Causal treatment

Additional treatment options

Autoimmune disorders
    Systemic lupus erythematosus Steroids, cyclophosphamide IVIG (only IgG-MGUS or anti-VWF IgG), plasmapheresis, antifibrinolytics, VWF-containing concentrate, rFVIIa
Lymphoproliferative disorders
    MGUS Usually untreated
    Lymphoma, multiple myeloma Chemotherapy according to entity
Cardiovascular
    Aortic valve stenosis and other anomalies with increased shear stress Corrective surgery VWF-containing concentrate, antifibrinolytics
    Dysfunctional heart valve prosthesis, LVAD Corrective surgery if applicable Reduce or withdraw anticoagulation, VWF-containing concentrate
Myeloproliferative neoplasia
    Essential thrombocythemia Cytoreductive therapy, chemotherapy, or stem cell transplantation in case of progression
    Polycythemia vera Phlebotomy, cytoreductive therapy, chemotherapy, or stem cell transplantation in case of progression Withdraw aspirin (if applicable), desmopressin, antifibrinolytics, VWF-containing concentrate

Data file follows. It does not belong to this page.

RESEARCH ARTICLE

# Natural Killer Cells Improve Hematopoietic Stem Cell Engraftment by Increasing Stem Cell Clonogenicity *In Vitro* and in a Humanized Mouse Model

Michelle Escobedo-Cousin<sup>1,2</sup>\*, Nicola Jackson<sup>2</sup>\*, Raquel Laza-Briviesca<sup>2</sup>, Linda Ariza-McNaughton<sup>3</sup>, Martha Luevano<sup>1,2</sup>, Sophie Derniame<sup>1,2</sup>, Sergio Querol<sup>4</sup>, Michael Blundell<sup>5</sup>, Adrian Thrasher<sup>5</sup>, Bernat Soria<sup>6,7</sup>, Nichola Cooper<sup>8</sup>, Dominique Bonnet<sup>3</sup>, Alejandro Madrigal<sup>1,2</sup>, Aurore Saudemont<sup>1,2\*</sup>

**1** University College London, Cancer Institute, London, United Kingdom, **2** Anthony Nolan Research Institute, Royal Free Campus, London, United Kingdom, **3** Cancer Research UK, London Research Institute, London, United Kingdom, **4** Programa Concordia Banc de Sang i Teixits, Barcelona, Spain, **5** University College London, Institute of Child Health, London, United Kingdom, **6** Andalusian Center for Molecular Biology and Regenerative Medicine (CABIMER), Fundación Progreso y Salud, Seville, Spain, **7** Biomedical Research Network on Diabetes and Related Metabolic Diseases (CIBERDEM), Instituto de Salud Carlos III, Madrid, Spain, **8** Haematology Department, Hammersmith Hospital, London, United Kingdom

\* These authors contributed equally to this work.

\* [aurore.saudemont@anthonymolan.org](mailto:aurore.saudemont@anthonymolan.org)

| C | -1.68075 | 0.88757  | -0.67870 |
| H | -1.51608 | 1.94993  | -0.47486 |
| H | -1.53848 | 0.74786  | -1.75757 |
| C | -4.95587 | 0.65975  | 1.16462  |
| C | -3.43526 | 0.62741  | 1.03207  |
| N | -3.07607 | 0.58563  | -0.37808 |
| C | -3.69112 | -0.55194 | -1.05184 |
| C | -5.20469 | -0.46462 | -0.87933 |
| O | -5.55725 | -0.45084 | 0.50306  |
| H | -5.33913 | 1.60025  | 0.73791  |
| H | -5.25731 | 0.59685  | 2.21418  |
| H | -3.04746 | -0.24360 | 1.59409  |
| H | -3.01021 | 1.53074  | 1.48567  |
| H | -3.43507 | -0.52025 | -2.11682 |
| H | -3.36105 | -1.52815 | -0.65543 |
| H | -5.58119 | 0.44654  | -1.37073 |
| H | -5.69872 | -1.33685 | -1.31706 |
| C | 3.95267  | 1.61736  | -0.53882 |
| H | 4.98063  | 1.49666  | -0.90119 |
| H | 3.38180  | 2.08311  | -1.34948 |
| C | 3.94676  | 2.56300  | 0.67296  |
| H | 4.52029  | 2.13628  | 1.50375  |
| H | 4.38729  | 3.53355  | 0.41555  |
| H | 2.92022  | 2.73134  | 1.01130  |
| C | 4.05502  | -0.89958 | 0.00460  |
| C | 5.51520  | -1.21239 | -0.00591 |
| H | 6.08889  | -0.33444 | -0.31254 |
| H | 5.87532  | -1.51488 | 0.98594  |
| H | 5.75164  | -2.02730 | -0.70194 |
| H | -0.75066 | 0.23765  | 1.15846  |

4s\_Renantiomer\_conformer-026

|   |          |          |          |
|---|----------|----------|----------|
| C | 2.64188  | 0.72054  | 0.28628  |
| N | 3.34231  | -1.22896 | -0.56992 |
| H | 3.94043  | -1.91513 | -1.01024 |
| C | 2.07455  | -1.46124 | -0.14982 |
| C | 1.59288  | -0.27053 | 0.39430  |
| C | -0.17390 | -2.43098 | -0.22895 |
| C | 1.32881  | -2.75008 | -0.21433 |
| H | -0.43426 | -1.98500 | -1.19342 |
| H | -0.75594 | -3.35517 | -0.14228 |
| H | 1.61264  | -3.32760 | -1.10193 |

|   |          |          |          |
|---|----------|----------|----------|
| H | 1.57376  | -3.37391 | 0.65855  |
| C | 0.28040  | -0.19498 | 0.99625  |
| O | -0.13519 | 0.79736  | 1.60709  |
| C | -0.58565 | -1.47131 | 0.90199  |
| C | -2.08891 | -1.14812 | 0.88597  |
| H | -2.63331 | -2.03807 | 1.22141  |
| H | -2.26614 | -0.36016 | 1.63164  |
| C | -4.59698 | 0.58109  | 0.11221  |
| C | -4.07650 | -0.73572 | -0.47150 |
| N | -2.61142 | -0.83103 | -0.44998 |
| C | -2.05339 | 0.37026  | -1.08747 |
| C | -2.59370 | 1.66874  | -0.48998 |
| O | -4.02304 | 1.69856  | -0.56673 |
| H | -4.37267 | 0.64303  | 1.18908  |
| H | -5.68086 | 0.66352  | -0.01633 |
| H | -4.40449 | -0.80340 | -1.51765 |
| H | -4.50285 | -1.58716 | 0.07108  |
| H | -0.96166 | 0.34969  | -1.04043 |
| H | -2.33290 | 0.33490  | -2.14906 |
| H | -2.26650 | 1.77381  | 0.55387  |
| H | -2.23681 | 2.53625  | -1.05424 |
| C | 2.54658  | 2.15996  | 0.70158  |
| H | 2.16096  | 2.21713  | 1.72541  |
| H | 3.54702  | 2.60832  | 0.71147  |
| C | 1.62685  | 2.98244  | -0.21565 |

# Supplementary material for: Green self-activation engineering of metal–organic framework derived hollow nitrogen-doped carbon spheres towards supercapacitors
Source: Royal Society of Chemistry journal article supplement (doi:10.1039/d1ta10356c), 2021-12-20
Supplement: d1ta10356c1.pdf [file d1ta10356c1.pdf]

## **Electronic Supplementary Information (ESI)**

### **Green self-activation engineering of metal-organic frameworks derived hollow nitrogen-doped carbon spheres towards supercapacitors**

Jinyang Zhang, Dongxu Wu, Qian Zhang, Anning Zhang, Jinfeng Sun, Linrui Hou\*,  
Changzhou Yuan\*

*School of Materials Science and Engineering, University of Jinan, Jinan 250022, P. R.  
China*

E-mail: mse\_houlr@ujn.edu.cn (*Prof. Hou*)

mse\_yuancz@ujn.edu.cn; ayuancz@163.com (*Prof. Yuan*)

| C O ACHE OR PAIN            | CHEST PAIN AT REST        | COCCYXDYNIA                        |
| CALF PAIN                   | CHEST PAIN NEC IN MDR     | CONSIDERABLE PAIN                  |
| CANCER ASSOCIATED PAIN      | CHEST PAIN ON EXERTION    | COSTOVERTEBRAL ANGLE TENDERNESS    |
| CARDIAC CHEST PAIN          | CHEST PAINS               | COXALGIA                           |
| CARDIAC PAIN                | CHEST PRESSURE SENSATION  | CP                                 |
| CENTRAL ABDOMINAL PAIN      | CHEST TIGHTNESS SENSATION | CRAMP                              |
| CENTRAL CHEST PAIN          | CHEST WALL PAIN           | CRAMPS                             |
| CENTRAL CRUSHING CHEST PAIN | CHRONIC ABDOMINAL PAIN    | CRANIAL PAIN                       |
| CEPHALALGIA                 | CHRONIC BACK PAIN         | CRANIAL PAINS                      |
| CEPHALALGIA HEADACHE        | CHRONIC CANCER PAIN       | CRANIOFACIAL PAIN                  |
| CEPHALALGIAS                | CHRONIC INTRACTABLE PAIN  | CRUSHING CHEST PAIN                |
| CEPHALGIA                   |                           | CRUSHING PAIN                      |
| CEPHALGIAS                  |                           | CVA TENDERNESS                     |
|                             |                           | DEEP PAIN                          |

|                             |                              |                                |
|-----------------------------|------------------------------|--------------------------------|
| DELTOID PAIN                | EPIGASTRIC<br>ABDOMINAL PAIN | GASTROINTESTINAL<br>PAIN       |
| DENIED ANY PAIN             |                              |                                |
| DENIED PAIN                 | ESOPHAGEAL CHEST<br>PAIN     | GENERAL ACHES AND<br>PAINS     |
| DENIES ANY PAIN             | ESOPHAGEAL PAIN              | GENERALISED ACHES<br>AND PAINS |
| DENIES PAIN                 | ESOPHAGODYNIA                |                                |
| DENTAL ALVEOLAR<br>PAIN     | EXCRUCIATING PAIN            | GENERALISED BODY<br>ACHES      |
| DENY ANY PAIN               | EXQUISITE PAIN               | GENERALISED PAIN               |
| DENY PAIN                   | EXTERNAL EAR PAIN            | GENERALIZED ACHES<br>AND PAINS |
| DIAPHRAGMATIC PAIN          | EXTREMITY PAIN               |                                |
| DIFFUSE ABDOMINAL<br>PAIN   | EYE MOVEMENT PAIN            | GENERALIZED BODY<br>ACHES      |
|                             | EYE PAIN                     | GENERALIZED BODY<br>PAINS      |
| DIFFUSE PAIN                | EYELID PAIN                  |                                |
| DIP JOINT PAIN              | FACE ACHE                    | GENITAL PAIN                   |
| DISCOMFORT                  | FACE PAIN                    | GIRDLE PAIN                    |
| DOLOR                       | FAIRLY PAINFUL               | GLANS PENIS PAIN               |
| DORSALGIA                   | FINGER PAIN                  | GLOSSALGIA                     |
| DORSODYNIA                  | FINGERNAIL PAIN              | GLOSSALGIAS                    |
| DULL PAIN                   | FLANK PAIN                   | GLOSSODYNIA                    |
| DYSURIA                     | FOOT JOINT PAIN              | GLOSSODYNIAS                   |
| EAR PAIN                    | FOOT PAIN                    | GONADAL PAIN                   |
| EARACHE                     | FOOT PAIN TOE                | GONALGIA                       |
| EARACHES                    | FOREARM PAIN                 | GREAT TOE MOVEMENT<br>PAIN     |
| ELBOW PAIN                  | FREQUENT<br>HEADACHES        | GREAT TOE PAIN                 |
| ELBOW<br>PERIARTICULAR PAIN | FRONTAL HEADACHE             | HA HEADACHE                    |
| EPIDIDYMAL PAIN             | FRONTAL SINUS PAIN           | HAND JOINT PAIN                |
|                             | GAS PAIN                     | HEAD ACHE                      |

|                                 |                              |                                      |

Chronic myeloid leukemia Tyrosine kinase inhibitors, stem cell transplantation

Treatment options for an acute bleed:

  • Desmopressin
  • VWF concentrates
  • IVIG
  • Antifibrinolytics

Causes of isolated low factors VIII levels:

  1. Haemophilia/acquired haemophilia
  2. Von-willibrands
  3. Blood group O (can be clinically significant)

Note:

A normal aPTT does not exclude mild factor VIII deficiency, because the aPTT may not be sufficiently sensitive to detect slightly reduced levels of factor VIII-C in the approximate 20-30% range needed.  Often in acquired von-willibrands disease the APTT can be normal, but the new onset of bleeding should prompt further investigation.

Further reading

http://bloodjournal.hematologylibrary.org/content/97/7/1915.long

How I treat patients with von Willebrand disease Blood Journal  April 1, 2001 vol. 97 no. 7 1915-1919

About TeamHaem

Online education and discussion about all things haematological
This entry was posted in Acquired bleeding, Inherited bleeding and tagged , , . Bookmark the permalink.